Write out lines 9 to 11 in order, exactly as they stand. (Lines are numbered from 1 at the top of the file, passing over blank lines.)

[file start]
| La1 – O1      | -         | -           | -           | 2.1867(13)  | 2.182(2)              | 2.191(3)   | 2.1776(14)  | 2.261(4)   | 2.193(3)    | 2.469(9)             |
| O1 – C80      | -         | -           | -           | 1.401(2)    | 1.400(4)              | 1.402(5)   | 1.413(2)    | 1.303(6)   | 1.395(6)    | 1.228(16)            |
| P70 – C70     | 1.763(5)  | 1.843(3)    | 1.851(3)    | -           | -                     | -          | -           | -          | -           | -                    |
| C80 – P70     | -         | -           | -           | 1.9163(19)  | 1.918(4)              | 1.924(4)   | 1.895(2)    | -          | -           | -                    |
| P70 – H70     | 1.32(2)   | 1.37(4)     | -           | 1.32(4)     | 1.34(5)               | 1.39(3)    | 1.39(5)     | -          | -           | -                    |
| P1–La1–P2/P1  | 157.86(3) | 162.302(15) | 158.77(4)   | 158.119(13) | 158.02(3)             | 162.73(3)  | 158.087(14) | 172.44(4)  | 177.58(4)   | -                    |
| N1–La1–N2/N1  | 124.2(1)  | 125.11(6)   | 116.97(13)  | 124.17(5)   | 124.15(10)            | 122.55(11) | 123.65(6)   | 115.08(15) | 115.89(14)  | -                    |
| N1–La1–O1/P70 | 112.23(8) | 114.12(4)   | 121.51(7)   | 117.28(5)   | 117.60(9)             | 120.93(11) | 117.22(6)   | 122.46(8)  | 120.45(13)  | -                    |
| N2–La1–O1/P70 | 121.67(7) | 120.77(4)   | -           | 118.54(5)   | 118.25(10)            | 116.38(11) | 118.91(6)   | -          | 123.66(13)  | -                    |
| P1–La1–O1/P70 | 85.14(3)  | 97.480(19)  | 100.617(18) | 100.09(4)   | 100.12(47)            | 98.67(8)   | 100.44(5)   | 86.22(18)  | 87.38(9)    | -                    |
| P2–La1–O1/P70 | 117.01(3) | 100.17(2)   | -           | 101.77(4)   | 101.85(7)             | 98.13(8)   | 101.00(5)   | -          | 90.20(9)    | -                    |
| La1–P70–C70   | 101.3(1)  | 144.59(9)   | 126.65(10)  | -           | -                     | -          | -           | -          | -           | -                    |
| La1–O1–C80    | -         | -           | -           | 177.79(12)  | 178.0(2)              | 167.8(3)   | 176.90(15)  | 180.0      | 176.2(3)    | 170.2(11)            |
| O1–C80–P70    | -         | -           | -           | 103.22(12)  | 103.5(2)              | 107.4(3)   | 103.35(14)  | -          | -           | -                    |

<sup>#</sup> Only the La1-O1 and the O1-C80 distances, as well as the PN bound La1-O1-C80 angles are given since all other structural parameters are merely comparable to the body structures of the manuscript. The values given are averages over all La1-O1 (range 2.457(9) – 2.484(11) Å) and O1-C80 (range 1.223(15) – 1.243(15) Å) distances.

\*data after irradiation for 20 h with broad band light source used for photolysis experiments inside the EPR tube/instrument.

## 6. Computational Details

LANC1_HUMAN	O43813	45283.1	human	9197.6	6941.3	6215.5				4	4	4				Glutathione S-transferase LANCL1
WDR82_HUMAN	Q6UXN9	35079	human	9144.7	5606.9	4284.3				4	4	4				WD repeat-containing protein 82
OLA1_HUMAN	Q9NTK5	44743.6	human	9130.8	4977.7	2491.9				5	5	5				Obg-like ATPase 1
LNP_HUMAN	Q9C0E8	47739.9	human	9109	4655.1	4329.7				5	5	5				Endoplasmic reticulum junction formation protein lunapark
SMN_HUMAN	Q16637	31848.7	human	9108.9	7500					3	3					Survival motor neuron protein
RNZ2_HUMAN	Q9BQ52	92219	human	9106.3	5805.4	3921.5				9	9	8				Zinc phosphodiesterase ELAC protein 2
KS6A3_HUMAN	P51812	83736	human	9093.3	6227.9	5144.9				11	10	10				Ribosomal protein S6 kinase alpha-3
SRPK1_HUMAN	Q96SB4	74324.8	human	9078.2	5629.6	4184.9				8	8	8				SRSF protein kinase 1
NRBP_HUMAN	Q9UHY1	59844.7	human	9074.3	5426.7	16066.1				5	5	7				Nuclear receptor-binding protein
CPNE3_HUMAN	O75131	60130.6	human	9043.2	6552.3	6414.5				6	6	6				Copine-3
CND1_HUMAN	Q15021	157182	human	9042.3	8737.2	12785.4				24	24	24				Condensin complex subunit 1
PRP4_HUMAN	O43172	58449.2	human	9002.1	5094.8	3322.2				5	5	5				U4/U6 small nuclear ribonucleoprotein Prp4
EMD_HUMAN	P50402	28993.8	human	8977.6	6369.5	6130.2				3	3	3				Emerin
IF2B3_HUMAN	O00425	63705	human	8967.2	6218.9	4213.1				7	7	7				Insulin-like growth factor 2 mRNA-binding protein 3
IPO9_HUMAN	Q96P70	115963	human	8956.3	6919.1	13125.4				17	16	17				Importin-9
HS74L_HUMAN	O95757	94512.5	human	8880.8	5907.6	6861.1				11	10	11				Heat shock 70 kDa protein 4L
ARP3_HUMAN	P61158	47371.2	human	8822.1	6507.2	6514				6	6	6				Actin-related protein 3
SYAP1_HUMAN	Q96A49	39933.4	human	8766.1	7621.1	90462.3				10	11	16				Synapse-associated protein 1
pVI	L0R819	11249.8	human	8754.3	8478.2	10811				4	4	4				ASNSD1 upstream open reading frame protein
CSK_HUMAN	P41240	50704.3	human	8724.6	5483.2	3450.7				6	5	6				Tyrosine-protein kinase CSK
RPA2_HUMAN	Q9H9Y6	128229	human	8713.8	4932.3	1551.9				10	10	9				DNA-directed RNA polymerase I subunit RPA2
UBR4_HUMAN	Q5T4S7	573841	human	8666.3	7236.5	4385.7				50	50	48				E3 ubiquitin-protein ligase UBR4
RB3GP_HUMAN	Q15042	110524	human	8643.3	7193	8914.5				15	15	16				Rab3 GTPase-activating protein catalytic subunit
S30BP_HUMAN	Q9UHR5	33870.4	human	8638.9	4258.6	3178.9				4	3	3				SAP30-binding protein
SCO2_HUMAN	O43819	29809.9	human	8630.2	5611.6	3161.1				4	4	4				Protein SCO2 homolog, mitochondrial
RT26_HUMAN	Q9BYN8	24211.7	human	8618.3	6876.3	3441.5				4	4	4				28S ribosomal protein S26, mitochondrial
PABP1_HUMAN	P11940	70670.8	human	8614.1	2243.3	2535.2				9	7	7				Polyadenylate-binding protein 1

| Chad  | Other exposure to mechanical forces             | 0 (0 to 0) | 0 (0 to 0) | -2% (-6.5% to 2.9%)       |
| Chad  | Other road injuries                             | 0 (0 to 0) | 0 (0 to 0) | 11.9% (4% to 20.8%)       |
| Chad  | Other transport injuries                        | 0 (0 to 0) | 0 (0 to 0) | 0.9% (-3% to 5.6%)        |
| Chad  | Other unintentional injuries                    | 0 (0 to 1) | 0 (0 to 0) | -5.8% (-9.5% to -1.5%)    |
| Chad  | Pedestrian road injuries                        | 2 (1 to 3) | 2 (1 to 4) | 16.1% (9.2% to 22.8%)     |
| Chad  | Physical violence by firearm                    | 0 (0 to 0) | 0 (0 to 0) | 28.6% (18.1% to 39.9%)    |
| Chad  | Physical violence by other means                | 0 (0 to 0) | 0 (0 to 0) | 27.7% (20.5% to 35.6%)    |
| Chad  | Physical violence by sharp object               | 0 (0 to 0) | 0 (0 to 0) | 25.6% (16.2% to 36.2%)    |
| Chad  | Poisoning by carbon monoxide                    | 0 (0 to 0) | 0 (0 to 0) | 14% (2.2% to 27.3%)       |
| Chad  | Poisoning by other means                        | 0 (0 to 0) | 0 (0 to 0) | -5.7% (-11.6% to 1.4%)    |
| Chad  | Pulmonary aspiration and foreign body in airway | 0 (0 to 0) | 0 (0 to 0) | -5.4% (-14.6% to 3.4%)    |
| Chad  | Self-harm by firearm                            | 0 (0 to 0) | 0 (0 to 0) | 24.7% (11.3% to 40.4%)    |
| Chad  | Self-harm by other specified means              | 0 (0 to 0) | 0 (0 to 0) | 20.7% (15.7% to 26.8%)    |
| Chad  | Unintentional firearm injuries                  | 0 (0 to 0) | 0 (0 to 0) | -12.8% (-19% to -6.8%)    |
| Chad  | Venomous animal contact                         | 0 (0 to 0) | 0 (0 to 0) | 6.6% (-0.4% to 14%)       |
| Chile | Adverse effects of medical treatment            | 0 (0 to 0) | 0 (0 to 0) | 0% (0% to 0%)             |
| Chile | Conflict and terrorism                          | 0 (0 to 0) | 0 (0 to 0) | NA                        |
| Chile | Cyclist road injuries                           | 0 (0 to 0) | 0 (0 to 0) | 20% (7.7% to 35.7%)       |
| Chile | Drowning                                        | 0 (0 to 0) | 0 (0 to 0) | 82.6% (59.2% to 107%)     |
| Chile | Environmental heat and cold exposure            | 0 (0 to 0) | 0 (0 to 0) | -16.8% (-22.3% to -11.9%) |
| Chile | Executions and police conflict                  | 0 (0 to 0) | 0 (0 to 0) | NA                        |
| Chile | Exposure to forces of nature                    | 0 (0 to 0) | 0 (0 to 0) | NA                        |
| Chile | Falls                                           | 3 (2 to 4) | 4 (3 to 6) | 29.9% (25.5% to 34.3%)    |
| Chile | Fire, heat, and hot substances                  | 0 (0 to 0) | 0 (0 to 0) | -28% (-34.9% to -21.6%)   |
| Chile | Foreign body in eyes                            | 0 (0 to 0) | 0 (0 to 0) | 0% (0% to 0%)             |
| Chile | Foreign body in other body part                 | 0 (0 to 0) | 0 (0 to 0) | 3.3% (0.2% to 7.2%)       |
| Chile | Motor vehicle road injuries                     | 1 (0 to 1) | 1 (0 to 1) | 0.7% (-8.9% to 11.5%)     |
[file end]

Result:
| N2–La1–O1/P70 | 121.67(7) | 120.77(4)   | -           | 118.54(5)   | 118.25(10)            | 116.38(11) | 118.91(6)   | -          | 123.66(13)  | -                    |
| P1–La1–O1/P70 | 85.14(3)  | 97.480(19)  | 100.617(18) | 100.09(4)   | 100.12(47)            | 98.67(8)   | 100.44(5)   | 86.22(18)  | 87.38(9)    | -                    |
| P2–La1–O1/P70 | 117.01(3) | 100.17(2)   | -           | 101.77(4)   | 101.85(7)             | 98.13(8)   | 101.00(5)   | -          | 90.20(9)    | -                    |